Selected Response Items (SRIs) are test item types in which the answer is part of the item and the examinee needs to recognise it. Examples include multiple-choice, true/false, matching, binary choice, extended matching, and multiple true/false. SRIs are common choices for formal and informal educational testing because they are economical to use, can routinely contribute to valid measurement, and have a substantial research base. SRIs are criticised for atomising and decontextualising content and cognition and because they require recognition and not production from examinees. Some of the criticisms are well-founded and others can be ameliorated through best practices. The overarching best practice principle is all item development activities must promote the validity of the interpretation of the examinee’s response and must channel examinee thinking toward content and away from test-taking.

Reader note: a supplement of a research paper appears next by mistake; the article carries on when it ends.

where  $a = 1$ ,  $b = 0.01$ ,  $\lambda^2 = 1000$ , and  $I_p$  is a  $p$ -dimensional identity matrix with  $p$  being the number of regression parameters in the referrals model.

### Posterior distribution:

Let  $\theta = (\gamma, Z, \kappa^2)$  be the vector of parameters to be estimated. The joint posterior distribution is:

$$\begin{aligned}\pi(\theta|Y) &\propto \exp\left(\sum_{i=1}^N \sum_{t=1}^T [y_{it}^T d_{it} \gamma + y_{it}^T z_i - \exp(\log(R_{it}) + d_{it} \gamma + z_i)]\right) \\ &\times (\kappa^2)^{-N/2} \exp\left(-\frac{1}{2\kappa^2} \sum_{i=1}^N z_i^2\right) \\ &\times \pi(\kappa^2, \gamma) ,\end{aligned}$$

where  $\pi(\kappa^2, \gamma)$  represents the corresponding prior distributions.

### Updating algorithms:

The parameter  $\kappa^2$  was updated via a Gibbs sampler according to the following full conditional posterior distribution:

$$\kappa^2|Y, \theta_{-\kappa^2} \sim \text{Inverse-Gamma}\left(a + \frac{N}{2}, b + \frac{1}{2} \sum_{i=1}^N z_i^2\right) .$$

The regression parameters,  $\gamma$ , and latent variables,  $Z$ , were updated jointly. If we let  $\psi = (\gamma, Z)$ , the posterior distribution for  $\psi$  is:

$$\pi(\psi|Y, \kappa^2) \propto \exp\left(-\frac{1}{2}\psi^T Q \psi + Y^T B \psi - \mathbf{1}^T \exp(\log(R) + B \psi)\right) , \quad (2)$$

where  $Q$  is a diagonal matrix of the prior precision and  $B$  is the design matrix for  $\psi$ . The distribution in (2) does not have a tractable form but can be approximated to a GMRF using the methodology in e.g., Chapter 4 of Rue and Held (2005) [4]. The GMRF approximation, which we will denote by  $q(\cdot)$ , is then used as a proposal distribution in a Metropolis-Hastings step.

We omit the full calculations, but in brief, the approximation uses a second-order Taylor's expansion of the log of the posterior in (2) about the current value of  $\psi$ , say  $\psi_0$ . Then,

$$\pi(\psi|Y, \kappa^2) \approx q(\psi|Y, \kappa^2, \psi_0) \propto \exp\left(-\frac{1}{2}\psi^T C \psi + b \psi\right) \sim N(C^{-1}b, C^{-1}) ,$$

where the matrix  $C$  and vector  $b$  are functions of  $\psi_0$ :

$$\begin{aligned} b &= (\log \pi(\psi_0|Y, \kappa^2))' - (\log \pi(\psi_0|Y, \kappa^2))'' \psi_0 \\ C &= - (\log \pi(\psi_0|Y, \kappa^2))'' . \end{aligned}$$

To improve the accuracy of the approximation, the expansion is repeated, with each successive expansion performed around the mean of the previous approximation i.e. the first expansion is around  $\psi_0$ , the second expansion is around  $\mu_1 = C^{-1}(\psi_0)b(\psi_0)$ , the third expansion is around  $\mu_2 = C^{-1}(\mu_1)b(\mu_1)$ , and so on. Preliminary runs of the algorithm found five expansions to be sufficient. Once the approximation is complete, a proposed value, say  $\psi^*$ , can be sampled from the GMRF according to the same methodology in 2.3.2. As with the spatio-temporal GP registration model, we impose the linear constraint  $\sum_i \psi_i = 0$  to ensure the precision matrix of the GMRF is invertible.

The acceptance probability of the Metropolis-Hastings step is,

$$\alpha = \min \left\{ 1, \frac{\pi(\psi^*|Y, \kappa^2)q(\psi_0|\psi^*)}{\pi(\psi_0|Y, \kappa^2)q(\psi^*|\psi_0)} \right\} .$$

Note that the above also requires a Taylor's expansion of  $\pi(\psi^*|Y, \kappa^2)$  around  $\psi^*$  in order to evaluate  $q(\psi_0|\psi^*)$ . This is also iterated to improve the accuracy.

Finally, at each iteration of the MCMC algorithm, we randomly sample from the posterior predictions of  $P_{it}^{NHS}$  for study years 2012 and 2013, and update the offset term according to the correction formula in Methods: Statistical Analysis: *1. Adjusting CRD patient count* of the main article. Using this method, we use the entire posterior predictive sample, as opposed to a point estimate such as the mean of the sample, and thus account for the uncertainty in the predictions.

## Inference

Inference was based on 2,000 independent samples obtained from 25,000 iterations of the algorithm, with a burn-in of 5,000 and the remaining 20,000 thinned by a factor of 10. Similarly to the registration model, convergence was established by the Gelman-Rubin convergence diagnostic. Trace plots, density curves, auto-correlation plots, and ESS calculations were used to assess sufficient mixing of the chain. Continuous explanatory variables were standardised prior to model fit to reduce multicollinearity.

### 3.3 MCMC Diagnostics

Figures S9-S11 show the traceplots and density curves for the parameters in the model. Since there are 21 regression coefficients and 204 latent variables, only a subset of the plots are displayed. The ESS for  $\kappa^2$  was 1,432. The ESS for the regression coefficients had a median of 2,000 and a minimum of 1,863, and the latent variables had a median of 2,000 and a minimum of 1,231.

Multiple-choice items (MC) consist of a stem followed by a set of options, which includes a key (the correct response) and distractors. Distractors serve an active role to attract responses from examinees who are insecure about the key and often represent examinee misconceptions. Three options are considered sufficient. Multiple-choice items can be scored correct/incorrect, partial credit, or using negative marking, which addresses guessing. One of the main advantages of MCs is their versatility, especially with technological delivery.
Matching items are MC in which the option set is the same for a series of stems. True/false and binary choice items are MC with two options. Each has its own particular best practices and weaknesses.
Technology first accelerated SRI use in the early twentieth century, and again in the early twenty-first century technology has facilitated SRI test construction, delivery, and scoring. With SRIs’ efficiency, validity, research base, and technological enhancement, they will remain a robust part of formal and informal educational measurement.